If you read Donald Trump’s “The Art of the Deal,” substituting “contractors” for “conservatives,” the president’s ultimatum to House Republicans on health care is not at all surprising. “You have to be very rough and very tough with most contractors or they’ll take the shirt right off your back,” Trump wrote in the 1987 business classic.

As a businessman, Trump bragged about his ability to drive a hard bargain to win favorable terms and make lots of money. “I also protect myself by being flexible,” he explained. “I never get too attached to one deal or one approach. … I keep a lot of balls in the air, because most deals fall out, no matter how promising they seem at first.”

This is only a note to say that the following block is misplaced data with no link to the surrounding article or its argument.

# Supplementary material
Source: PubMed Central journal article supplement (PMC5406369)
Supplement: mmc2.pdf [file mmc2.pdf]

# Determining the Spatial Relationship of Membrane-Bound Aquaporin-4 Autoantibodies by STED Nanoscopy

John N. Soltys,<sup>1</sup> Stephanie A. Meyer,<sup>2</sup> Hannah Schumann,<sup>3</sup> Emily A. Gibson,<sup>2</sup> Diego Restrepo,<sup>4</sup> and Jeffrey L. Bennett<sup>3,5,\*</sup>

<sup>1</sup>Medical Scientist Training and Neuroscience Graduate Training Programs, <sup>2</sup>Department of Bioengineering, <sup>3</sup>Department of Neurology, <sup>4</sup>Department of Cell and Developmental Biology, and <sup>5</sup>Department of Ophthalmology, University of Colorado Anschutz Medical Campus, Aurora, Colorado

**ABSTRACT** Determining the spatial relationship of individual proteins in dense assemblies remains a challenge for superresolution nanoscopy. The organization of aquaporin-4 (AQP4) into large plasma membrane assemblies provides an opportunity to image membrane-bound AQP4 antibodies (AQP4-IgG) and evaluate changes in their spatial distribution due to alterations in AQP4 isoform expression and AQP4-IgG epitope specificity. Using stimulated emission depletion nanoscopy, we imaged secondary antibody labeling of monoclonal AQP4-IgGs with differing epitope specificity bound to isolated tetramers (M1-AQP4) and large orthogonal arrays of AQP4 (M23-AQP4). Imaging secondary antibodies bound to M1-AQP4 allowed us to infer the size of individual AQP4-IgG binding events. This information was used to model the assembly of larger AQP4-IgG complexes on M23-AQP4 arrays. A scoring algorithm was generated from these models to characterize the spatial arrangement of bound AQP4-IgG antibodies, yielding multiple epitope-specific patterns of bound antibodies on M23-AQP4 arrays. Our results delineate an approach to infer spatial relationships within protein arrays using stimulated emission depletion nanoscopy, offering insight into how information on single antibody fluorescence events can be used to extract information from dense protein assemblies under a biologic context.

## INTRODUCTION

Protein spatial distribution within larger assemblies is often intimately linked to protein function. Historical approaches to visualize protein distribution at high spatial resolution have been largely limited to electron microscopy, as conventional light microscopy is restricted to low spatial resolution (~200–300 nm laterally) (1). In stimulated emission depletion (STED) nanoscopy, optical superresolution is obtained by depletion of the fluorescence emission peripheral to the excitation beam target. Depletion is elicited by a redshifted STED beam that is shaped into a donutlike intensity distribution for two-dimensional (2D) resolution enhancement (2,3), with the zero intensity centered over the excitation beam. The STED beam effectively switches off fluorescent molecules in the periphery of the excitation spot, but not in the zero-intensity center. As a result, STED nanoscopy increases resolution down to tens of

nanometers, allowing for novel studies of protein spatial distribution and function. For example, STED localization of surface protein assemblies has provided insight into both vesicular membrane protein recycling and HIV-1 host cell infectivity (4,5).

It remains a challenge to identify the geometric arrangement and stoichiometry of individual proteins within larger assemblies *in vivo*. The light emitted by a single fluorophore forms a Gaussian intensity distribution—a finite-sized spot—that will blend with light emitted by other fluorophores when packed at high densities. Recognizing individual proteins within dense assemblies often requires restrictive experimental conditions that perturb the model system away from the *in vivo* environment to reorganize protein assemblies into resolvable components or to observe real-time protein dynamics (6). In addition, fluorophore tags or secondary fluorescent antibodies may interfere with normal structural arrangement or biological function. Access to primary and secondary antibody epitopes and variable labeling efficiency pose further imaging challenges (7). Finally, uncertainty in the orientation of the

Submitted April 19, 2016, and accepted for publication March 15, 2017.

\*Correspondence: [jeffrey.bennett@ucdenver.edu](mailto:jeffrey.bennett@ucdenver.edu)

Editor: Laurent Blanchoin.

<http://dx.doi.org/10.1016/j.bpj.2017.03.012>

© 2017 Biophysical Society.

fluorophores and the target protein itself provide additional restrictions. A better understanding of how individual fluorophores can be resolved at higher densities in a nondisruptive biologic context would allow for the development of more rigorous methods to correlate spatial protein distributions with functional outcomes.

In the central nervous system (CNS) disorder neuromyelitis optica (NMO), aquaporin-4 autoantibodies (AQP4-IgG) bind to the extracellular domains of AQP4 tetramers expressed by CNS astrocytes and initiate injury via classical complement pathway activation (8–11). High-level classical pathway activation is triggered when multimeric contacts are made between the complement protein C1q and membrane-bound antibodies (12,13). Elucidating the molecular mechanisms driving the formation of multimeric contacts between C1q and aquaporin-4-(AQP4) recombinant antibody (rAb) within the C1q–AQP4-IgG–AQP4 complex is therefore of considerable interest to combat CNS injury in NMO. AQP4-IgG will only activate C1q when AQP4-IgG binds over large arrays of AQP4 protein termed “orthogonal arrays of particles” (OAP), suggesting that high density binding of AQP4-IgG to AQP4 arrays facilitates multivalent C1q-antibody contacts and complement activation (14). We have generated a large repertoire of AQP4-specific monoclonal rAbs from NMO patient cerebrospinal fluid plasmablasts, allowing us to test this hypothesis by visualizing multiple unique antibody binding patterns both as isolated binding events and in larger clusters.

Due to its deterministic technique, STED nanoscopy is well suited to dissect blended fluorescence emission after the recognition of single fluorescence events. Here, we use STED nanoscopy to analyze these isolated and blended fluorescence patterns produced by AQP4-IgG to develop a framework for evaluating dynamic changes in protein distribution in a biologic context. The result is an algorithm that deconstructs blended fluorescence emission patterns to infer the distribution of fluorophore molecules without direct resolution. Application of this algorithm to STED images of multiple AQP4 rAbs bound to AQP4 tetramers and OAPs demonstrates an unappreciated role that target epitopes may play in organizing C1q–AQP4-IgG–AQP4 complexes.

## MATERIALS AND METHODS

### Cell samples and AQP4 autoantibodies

One theme he kept coming back to is that you’ve got to be willing to walk away or, more precisely, convince the people you’re negotiating with that you are. Trump recalled a 1981 meeting with the attorney general and the head of gaming enforcement for New Jersey in which he threatened to walk away from Atlantic City – despite already making huge investments on the Boardwalk there – if he didn’t get certain concessions.

He described the pitch: “Much as I wanted to build a great casino on the great site I’d assembled, I said, I have a very successful real estate business in New York and I was more than willing to walk away from Atlantic City if the regulatory process proved to be too difficult or too time-consuming. The bottom line, I concluded, was that I didn’t intend to invest any more money – or to begin any construction – until I got a decision one way or the other on my licensing.”